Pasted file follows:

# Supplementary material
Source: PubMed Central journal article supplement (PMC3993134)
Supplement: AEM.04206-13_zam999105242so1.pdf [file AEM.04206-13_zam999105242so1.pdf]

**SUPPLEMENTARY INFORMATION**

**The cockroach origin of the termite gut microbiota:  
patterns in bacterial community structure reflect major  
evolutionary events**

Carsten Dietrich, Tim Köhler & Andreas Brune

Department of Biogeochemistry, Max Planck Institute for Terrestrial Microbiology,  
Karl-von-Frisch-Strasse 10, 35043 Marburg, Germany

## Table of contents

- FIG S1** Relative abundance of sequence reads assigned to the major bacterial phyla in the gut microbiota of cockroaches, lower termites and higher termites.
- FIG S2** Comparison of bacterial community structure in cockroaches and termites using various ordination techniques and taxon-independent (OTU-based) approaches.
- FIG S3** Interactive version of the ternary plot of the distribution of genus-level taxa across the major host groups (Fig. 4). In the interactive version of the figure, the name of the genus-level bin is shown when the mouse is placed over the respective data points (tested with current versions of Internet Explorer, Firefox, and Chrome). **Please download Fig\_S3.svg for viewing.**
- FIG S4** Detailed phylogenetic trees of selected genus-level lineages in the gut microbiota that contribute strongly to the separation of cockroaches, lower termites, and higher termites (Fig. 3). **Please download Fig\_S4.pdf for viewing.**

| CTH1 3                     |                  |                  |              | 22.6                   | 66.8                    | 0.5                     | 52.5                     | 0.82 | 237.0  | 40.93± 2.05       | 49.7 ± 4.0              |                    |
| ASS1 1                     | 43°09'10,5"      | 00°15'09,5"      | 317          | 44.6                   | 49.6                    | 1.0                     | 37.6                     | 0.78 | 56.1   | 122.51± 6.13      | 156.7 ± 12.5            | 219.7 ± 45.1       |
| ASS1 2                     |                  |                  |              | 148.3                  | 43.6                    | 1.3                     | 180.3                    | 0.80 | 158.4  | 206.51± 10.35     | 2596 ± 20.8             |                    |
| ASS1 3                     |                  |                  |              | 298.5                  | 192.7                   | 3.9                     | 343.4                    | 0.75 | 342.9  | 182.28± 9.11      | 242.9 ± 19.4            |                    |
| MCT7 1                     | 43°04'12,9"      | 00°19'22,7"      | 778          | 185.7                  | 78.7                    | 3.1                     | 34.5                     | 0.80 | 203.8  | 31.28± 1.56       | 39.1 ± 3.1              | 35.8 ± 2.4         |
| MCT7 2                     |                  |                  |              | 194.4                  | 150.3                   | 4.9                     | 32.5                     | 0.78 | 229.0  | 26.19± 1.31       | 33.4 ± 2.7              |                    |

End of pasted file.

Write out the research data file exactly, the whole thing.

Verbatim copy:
# Supplementary material
Source: PubMed Central journal article supplement (PMC3993134)
Supplement: AEM.04206-13_zam999105242so1.pdf [file AEM.04206-13_zam999105242so1.pdf]

**SUPPLEMENTARY INFORMATION**

**The cockroach origin of the termite gut microbiota:  
patterns in bacterial community structure reflect major  
evolutionary events**

Carsten Dietrich, Tim Köhler & Andreas Brune

Department of Biogeochemistry, Max Planck Institute for Terrestrial Microbiology,  
Karl-von-Frisch-Strasse 10, 35043 Marburg, Germany

## Table of contents

- FIG S1** Relative abundance of sequence reads assigned to the major bacterial phyla in the gut microbiota of cockroaches, lower termites and higher termites.
- FIG S2** Comparison of bacterial community structure in cockroaches and termites using various ordination techniques and taxon-independent (OTU-based) approaches.
- FIG S3** Interactive version of the ternary plot of the distribution of genus-level taxa across the major host groups (Fig. 4). In the interactive version of the figure, the name of the genus-level bin is shown when the mouse is placed over the respective data points (tested with current versions of Internet Explorer, Firefox, and Chrome). **Please download Fig\_S3.svg for viewing.**
- FIG S4** Detailed phylogenetic trees of selected genus-level lineages in the gut microbiota that contribute strongly to the separation of cockroaches, lower termites, and higher termites (Fig. 3). **Please download Fig\_S4.pdf for viewing.**

| CTH1 3                     |                  |                  |              | 22.6                   | 66.8                    | 0.5                     | 52.5                     | 0.82 | 237.0  | 40.93± 2.05       | 49.7 ± 4.0              |                    |
| ASS1 1                     | 43°09'10,5"      | 00°15'09,5"      | 317          | 44.6                   | 49.6                    | 1.0                     | 37.6                     | 0.78 | 56.1   | 122.51± 6.13      | 156.7 ± 12.5            | 219.7 ± 45.1       |
| ASS1 2                     |                  |                  |              | 148.3                  | 43.6                    | 1.3                     | 180.3                    | 0.80 | 158.4  | 206.51± 10.35     | 2596 ± 20.8             |                    |
| ASS1 3                     |                  |                  |              | 298.5                  | 192.7                   | 3.9                     | 343.4                    | 0.75 | 342.9  | 182.28± 9.11      | 242.9 ± 19.4            |                    |
| MCT7 1                     | 43°04'12,9"      | 00°19'22,7"      | 778          | 185.7                  | 78.7                    | 3.1                     | 34.5                     | 0.80 | 203.8  | 31.28± 1.56       | 39.1 ± 3.1              | 35.8 ± 2.4         |
| MCT7 2                     |                  |                  |              | 194.4                  | 150.3                   | 4.9                     | 32.5                     | 0.78 | 229.0  | 26.19± 1.31       | 33.4 ± 2.7              |                    |